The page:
The university hoped the scheme would save around £800,000-a-year in tax, but the firm's 'mistake' in interpreting the law meant it had to be cancelled at enormous cost, London's High Court heard.
The PRP scheme had been hotly opposed by the Association of University Teachers who the judge said objected to it 'on ethical egalitarian grounds,' believing it favoured the higher paid.
The association took the view that PRP, which had become extremely popular due to the substantial tax savings that could be achieved, was 'simply a tax fiddle'.
Mr Justice Hart said many leading accountancy firms had seen universities as fertile ground for expansion by the introduction of PRP schemes. There had been much 'aggressive marketing' and competition between the firms had been 'intense'.
PW's involvement with Keele began with a 'cold call' in September 1995 and it beat off competition from rival firm, KPMG, to administer the university's PRP scheme.
But, largely as a result of the association's opposition, the judge said the expected enthusiasm of university employees for PRP did not materialise and 'the ground did not prove as fertile a source of profit as the promoters of PRP had hoped.'
Despite the intensive 'marketing' of the scheme to Keele's 1,400 staff, the university struggled to persuade 80% of its employees to sign up to the scheme - the percentage required by law to make the scheme a reality.
Eventually, the judge said PW was able t o advise Keele that the 80% figure had been achieved and the scheme was operated for the financial year ended 31 July 1997 'with apparent success'.
The judge said PW's mistake lay in the interpretation it placed on part of the 1995 Finance Act which required that 80% of employees had to subscribe to a PRP scheme for it to be implemented.
PW took the view - wrongly - that 'short service employees' who had worked for the university for under three years could be excluded when calculating whether the 80% target had been achieved.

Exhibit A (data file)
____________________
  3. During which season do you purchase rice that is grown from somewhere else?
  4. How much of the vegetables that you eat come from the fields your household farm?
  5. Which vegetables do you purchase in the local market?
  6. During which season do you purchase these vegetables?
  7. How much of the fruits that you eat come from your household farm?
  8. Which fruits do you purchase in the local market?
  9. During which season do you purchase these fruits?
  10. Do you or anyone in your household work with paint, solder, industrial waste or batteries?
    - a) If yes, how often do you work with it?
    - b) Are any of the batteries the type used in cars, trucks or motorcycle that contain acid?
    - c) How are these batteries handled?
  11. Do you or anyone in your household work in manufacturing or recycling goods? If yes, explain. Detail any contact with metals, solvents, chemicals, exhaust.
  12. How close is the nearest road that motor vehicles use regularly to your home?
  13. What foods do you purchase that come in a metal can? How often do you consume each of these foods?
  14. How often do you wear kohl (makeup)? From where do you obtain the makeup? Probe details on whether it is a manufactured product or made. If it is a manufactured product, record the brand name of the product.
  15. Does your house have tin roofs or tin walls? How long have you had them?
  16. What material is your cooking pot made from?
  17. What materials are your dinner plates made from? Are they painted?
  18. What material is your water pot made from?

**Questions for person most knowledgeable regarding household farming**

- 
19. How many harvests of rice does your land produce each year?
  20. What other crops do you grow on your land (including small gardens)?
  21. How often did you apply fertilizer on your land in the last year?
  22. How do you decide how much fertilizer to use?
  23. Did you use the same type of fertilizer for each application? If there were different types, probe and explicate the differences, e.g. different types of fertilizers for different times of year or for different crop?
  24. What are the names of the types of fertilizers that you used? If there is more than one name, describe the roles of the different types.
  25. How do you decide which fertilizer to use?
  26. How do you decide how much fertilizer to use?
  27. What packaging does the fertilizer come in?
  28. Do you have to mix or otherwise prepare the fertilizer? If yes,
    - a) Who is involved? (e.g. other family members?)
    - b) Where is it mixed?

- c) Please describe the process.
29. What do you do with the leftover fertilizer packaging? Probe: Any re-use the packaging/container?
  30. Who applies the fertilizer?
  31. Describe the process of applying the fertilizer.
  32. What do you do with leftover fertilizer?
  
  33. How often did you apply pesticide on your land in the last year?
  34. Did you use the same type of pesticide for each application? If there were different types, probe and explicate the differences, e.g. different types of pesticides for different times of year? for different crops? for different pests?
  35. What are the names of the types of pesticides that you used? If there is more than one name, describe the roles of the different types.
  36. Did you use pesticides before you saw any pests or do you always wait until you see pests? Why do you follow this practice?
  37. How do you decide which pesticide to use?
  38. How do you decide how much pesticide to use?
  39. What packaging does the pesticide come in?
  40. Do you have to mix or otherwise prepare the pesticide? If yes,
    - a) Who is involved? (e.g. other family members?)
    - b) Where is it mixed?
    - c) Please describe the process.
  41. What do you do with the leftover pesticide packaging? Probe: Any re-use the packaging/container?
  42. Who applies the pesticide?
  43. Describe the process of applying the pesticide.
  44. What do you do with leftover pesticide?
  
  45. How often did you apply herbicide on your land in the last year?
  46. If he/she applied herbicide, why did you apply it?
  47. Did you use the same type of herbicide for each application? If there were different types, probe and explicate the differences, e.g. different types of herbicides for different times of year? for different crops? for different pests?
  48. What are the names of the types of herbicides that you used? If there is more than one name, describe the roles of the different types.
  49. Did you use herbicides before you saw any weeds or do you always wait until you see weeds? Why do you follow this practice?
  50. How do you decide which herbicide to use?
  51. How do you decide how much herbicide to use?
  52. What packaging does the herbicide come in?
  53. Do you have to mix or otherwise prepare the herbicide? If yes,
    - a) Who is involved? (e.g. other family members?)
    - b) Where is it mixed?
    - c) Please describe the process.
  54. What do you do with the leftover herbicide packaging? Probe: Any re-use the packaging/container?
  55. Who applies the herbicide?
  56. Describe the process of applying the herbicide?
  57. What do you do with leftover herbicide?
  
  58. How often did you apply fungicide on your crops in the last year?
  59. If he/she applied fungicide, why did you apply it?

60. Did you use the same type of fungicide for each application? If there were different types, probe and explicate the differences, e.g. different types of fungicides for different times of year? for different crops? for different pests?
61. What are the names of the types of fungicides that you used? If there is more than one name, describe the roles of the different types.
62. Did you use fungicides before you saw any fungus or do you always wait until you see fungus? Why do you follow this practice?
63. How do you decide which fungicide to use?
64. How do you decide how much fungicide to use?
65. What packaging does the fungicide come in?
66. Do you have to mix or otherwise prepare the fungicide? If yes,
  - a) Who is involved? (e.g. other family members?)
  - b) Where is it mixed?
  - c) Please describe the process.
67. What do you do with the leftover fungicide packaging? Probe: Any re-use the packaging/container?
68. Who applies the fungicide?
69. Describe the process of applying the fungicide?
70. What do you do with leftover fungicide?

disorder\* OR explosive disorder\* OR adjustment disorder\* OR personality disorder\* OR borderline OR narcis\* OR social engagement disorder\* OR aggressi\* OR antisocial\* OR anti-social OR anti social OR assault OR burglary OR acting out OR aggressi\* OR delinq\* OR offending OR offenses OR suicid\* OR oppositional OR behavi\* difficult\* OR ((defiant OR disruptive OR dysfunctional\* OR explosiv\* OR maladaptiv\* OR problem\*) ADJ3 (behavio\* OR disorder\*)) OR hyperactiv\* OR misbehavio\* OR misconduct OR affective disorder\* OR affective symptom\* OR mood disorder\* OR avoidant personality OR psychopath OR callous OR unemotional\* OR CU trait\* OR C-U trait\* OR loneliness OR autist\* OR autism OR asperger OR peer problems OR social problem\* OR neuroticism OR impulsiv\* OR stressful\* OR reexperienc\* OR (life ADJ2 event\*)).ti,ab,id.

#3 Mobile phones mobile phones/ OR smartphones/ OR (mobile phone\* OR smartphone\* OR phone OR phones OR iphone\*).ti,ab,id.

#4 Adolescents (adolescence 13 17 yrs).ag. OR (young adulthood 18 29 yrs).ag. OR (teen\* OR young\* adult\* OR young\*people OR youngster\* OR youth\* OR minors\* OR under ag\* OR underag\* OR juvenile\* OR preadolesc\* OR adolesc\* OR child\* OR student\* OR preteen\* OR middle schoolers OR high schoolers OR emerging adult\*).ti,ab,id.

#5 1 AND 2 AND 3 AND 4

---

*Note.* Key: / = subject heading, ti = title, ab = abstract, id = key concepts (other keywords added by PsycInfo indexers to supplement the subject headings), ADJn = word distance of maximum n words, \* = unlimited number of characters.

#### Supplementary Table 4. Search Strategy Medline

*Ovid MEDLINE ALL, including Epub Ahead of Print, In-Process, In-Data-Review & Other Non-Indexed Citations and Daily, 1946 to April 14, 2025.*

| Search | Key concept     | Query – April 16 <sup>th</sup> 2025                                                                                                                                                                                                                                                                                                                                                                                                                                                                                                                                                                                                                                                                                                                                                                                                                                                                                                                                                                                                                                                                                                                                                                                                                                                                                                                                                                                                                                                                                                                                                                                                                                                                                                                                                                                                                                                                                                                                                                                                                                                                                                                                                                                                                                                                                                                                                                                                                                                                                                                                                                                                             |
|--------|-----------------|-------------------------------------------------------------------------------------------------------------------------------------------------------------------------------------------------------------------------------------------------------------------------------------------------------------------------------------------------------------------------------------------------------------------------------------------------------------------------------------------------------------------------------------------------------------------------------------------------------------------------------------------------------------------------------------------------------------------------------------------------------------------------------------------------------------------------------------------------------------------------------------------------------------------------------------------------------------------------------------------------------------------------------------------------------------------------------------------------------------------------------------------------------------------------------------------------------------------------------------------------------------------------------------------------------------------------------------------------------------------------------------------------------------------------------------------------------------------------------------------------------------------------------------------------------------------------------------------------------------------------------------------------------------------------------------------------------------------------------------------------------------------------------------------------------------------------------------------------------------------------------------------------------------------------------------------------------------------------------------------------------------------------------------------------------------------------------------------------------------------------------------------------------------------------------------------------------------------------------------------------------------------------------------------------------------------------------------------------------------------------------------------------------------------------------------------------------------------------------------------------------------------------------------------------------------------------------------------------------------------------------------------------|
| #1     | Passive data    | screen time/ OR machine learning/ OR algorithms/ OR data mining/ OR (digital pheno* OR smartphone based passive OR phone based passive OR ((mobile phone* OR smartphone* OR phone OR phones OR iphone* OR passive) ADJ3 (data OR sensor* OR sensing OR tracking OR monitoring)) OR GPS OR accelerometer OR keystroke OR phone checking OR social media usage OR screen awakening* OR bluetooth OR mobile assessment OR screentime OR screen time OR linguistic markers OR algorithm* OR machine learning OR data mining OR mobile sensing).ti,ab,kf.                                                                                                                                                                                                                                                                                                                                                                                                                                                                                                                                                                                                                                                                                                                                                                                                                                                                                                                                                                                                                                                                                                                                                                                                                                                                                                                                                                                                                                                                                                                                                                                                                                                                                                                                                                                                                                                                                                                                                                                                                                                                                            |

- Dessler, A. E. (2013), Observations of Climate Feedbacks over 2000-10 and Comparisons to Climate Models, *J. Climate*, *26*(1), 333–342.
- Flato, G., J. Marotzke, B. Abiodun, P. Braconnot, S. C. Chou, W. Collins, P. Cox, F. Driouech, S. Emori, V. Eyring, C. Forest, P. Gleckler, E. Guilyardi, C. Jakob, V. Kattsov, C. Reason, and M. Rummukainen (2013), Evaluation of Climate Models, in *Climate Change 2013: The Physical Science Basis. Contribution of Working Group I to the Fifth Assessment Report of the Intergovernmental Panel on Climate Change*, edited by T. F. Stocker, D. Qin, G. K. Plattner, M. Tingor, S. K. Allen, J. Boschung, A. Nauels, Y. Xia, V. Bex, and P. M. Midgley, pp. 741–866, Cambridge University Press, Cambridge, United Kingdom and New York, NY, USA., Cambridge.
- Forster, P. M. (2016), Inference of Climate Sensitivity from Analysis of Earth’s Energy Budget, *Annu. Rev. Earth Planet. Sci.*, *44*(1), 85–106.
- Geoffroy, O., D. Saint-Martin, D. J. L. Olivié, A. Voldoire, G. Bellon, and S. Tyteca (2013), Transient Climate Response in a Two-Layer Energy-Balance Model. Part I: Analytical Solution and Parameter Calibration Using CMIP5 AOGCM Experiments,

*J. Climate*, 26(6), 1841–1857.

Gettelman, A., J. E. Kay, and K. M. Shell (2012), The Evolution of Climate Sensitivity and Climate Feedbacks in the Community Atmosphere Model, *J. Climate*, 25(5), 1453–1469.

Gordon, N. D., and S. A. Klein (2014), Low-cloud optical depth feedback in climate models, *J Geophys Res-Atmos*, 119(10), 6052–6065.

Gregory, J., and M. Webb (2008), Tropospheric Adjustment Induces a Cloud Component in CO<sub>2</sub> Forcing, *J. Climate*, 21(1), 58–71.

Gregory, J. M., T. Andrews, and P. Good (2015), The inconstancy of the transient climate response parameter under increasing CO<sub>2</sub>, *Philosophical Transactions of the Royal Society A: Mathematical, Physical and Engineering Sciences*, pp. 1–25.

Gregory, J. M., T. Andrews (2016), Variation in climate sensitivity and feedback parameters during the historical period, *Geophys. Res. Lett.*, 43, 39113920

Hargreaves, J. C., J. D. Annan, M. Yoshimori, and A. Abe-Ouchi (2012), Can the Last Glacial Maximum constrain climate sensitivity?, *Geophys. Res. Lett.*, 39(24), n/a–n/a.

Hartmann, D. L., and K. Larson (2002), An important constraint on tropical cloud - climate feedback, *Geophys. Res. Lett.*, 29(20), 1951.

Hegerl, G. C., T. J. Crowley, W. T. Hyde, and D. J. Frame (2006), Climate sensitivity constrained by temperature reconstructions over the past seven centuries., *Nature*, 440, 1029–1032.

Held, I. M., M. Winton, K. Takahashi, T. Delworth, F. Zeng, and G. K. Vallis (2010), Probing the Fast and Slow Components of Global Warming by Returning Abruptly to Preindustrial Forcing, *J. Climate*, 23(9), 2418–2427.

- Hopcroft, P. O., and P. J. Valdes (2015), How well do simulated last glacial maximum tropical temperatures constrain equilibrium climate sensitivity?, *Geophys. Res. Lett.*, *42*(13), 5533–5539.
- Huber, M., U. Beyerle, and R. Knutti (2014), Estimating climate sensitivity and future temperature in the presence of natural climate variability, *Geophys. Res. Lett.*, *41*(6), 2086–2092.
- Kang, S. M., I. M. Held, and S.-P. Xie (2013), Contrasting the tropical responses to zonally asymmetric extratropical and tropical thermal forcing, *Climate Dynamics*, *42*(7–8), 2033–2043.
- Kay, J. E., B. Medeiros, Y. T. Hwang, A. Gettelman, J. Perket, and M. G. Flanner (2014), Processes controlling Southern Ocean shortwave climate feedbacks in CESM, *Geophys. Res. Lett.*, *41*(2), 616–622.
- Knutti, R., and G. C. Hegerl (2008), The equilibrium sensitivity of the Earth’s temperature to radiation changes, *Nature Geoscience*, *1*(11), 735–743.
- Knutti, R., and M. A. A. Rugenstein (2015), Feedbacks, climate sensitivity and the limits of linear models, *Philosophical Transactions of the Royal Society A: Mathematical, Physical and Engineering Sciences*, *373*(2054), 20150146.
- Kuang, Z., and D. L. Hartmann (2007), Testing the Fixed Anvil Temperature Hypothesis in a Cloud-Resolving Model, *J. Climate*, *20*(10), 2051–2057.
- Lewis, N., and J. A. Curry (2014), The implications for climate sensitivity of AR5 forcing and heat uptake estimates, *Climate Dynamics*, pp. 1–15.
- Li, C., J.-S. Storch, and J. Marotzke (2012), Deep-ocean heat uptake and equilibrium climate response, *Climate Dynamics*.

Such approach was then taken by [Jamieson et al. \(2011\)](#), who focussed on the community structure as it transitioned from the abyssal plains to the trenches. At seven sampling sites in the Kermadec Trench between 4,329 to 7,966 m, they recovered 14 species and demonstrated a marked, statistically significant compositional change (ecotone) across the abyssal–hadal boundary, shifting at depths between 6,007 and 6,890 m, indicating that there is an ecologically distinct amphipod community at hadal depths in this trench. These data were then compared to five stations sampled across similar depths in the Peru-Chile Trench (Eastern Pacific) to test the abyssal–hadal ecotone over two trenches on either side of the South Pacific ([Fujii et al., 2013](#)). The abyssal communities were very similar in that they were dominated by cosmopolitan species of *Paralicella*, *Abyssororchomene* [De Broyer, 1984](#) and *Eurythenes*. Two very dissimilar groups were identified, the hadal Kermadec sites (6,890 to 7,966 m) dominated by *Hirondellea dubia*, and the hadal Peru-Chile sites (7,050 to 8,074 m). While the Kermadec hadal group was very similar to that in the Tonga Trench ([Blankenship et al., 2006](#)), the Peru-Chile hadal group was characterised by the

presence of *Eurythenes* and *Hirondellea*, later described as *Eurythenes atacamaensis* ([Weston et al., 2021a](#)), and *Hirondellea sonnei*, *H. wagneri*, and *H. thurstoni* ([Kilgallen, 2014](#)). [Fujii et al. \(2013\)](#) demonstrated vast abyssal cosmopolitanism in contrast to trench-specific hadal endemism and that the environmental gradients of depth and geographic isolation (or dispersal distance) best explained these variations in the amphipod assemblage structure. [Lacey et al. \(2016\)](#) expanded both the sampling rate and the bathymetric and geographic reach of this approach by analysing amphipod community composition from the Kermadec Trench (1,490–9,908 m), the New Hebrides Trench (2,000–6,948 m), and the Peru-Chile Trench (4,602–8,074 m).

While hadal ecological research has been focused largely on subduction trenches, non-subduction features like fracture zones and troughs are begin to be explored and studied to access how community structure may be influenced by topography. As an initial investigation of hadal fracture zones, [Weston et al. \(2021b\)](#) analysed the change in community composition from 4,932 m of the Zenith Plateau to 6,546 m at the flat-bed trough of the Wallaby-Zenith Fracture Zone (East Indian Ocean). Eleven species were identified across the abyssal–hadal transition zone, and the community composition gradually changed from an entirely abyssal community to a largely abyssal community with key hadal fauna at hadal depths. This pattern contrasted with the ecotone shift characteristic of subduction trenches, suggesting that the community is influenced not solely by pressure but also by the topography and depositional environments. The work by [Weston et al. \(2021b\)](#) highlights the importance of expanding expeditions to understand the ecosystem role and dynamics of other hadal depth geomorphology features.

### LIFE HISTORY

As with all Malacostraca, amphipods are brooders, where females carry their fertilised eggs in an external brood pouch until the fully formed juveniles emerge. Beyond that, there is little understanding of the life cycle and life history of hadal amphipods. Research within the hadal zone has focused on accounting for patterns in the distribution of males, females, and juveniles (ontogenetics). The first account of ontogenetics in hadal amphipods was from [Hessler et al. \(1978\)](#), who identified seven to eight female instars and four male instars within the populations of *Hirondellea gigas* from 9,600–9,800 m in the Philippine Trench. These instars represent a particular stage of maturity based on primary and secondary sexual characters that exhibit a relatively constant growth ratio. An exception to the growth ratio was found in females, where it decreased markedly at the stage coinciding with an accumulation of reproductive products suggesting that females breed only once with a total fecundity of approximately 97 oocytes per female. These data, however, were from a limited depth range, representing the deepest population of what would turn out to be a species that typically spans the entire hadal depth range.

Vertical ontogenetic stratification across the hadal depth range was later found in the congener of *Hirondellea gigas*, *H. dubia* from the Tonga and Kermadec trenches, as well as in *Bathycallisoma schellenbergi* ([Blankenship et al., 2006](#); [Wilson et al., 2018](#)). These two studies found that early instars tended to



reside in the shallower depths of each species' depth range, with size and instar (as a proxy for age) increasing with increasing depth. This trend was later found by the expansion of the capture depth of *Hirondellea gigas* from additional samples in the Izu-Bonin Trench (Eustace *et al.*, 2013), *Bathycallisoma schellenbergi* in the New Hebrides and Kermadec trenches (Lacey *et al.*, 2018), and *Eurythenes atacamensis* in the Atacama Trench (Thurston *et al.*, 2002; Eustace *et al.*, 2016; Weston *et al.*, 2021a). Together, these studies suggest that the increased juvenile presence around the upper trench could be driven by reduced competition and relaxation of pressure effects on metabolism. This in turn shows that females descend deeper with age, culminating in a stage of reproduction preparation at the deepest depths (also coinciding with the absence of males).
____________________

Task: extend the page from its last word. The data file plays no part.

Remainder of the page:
The judge said: 'The essence of the mistake was to suppose that it was possible to exclude from the 80% test identified sub-groups of short service employees in such a manner as to make the 80% easier to meet.
'And, in particular, to suppose that a possible sub-group could be defined solely by reference to the desire of its members to be part of the scheme.'
The judge said 'nemesis arrived' for Keele's PRP scheme when KPMG in December 1998 refused to give a clear certification in relation to the scheme accounts for 1997/98.
PW's negotiations with the taxman were unsuccessful and Keele eventually decided to cancel the 1998/99 scheme and the Inland Revenue later took steps to cancel the two earlier schemes.
Mr Justice Hart said PW had admitted that, in one respect, the advice it gave in relation to the PRP scheme introduced in 1996/97 'was wrong, and negligently so'.
However, the firm did not admit other allegations of negligence levelled against it by the university and denied that Keele had suffered any loss as a result of the negligent advice given.
But, deciding in the university's favour on that last crucial issue, the judge accepted the university had lost the chance of making substantial tax savings as 'a direct result of PW's negligence'.
The anticipated savings of '£800,000 or so' from a successful PRP scheme 'would have represented a substantial inflow of much needed funds' for the university, the j udge observed.
But, instead, the cancellation of the scheme meant the university lost out on savings which the judge said amounted to £1,249,856. On top of that, Keele was left facing a tax bill of more than £100,000 and professional fees for extricating itself from the scheme.
Mr Justice Fenwick told the judge his ruling meant PW would now have to pay the university £1,670,163.06 in compensation.
The issues of interest which must be paid on that sum and who will have to pay the legal costs of the case will be decided at a future date.
Mr Mark Cannon, for Price Waterhouse, said the firm would be seeking leave to appeal against the judge's ruling.
STRAND NEWS SERVICE